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Discussion Starter #1
My son Alex was born with ABS (Amniotic Banding Syndrome), resulting in a shortened left forearm & palm with only one finger/thumb (more thumb-like in operation, but in the relative position of an index finger).



We have inquired over the years into several options including prosthetics, and were always advised to wait until he was at least 4 or 5 years old.


Recently, my wonderful wyfe, Sally, saw a report on TV about simple-to-make robotic hands, and she put me on the research trail where I found the e-Nable organization with it's totally open-source software and hand designs (relatively inexpensive hands to end-users). The big drawback is a 6-month waiting list.



So, I did a bit more research and snatched an almost-new 3D printer of my own on e-bay.



It didn't take too much to get the printer humming, but it took 29 hours to complete the print job! I sat next to that printer for almost 18 of those hours, monitoring the progress, taking pictures, and attempting to correct for unanticipated errors due to the sensitivity of the printer to it's immediate environment.



In the course of the printing, some flaws in the project became evident which were caused by incorrect preparation and incorrect software settings due to the unknown specifications of the print media that was supplied with the printer.




Anyway, I easily corrected the errors with a little bit of work and some 2-part epoxy glue and putty.



End result: Alex has his first RoboHand! It's a "Raptor" design (very basic).



A couple of drawbacks besides the print flaws: It is too small for his chubby arm and palm, the wrist joint won't fit "flat" in the joint space, so the range of motion with the wrist rotated in place requires excessive force to produce a very weak grasp (I will scale up the print size on the reprint). Also, I selected the heavier elastic cord from the two sections that were included in the hardware kit, that resulted in even more effort to clench the grip (I'll use the lighter elastic cord on the re-print).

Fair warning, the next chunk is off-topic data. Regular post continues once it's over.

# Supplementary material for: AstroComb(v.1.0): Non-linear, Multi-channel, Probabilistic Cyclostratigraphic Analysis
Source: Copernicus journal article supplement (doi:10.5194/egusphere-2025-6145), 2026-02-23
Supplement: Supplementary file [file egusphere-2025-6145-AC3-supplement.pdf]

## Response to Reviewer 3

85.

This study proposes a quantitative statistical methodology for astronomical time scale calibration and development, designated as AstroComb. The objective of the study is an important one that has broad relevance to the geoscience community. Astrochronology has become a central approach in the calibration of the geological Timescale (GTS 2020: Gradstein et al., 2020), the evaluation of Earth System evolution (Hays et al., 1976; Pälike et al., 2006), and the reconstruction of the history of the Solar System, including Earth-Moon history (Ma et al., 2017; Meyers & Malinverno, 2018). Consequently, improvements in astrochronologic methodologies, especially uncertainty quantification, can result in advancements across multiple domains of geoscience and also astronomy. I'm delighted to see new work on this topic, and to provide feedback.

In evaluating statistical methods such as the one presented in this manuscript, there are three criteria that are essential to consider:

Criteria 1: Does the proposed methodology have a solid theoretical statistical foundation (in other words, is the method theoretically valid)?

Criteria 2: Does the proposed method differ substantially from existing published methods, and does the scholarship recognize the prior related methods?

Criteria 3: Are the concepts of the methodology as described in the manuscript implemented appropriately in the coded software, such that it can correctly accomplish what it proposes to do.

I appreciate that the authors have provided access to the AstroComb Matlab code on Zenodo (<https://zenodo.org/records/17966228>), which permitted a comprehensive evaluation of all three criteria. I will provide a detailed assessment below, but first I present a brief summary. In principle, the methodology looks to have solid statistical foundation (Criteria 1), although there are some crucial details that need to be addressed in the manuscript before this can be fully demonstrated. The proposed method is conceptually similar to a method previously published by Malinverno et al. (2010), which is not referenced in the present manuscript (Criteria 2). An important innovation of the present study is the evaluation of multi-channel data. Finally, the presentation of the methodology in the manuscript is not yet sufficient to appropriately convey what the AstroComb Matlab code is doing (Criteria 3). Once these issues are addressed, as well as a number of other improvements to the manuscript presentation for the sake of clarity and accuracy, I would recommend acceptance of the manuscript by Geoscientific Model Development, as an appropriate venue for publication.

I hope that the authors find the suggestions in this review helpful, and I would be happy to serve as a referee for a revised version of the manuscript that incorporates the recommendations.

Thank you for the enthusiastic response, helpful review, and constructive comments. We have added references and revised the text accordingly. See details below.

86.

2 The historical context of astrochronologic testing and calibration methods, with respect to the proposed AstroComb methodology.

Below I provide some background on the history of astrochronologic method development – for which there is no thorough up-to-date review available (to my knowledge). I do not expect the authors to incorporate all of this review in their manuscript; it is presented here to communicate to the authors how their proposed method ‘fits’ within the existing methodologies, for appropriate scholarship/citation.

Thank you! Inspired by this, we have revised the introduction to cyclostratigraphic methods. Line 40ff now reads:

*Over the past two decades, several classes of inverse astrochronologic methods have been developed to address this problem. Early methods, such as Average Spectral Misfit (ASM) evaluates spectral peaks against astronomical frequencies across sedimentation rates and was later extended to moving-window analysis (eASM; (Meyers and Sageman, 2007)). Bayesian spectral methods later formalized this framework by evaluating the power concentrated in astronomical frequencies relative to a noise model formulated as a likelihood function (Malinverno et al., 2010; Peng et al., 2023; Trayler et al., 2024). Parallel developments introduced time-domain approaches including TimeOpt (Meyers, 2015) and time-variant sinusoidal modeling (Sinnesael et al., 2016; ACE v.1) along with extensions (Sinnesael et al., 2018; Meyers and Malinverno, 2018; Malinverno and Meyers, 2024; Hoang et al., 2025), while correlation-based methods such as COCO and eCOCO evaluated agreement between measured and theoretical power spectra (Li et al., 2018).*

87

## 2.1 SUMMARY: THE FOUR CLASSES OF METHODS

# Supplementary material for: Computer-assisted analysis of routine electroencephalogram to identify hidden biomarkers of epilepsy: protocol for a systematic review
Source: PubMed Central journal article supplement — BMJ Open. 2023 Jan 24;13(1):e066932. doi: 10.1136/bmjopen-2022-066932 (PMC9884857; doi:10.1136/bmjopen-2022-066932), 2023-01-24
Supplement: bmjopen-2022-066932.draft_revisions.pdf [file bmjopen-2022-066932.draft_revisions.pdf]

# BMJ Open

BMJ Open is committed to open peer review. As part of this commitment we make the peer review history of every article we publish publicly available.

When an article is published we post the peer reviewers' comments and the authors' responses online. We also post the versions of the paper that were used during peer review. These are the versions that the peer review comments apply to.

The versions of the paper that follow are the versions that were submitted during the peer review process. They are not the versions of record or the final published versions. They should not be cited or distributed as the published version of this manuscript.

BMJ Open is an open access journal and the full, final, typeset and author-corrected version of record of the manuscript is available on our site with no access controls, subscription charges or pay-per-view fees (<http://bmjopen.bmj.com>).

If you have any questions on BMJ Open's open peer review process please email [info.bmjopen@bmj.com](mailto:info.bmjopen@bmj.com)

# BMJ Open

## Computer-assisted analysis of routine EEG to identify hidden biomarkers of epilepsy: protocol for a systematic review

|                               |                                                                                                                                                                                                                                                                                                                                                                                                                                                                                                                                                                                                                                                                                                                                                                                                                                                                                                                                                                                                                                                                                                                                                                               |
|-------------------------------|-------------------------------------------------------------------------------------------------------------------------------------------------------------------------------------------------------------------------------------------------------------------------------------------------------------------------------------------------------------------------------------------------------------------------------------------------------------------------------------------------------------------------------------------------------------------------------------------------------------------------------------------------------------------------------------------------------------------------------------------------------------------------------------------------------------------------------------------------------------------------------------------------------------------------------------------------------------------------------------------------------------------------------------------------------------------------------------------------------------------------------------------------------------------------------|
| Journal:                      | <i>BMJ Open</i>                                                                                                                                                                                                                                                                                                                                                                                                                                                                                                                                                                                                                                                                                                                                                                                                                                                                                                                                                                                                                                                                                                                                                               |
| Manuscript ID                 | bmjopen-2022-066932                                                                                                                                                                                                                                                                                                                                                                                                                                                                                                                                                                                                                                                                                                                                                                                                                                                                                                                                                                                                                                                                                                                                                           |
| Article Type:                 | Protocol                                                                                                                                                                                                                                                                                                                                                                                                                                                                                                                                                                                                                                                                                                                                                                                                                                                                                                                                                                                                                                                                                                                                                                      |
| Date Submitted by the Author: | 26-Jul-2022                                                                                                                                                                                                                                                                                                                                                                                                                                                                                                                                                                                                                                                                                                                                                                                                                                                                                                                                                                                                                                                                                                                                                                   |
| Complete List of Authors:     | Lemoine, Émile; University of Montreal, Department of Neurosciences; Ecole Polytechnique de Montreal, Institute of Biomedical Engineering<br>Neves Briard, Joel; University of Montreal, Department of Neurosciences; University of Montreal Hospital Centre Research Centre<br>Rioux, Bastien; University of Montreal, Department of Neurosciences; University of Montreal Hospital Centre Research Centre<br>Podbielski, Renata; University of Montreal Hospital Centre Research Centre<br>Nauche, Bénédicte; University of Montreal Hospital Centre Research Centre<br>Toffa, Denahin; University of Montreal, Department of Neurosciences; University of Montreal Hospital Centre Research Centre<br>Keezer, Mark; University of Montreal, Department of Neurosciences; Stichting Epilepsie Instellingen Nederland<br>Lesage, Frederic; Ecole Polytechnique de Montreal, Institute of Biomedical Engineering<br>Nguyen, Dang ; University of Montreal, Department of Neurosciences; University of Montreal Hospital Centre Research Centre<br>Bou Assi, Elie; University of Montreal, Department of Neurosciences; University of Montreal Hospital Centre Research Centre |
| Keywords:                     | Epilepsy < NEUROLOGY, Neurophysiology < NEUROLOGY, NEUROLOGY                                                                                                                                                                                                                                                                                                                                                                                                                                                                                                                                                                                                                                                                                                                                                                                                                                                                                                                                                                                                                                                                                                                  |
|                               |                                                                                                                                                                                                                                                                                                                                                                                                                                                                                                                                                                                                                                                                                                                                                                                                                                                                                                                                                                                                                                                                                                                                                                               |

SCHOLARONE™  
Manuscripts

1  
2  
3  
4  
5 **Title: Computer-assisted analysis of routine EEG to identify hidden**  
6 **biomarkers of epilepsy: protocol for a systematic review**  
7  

Alex about to hand his Mom a flower he made-



So, Blue & Red spools of media are on order, a printing area enclosure being planned (shouldn't take more than a few hours to set up), and the 2nd iteration will be MUCH better!


And now, back to the shop to pay for the printer...
 

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That is really awesome. How do the fingers activate? I can imagine as a parent you would do anything to give him the chance to have a hand like that, can't imagine how hapy you are.
 

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Discussion Starter #3
By flexing his wrist downward, the tensioner strings that are anchored at the gauntlet (forearm) draw the fingertips in.

Elastic cords retract them when he releases pressure.

Yep, we're pretty dang excited. We can re-print scaled-up hands as he outrgrows them, too.

We're also going to be an area resource for people who don't have a printer, but need a hand.
 

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Man I wish i lived near you. I used to do a fair amount of robotics with high school kids, plus some other odd and end things, and I would love to be involved in this!

That's awesome!
 

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Man I wish i lived near you. I used to do a fair amount of robotics with high school kids, plus some other odd and end things, and I would love to be involved in this!

That's awesome!
You don't need to be near me, just check out Enabling The Future ? A Global Network Of Passionate Volunteers Using 3D Printing To Give The World A "Helping Hand."

There are ELEMENTARY school kids, cub scouts, and other youth groups making these hands all over the US and in many other countries. I still can't believe they aren't being mass produced in China yet...
 

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Nice work there was a new story up here in Massachusetts of a father son team that did the same type of hand jus last winter.

Really cool what 3d printing can do now
 

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I thought the title of this thread was some weird name for a bike project but this is SO much better.

Awesome job - well done!
 
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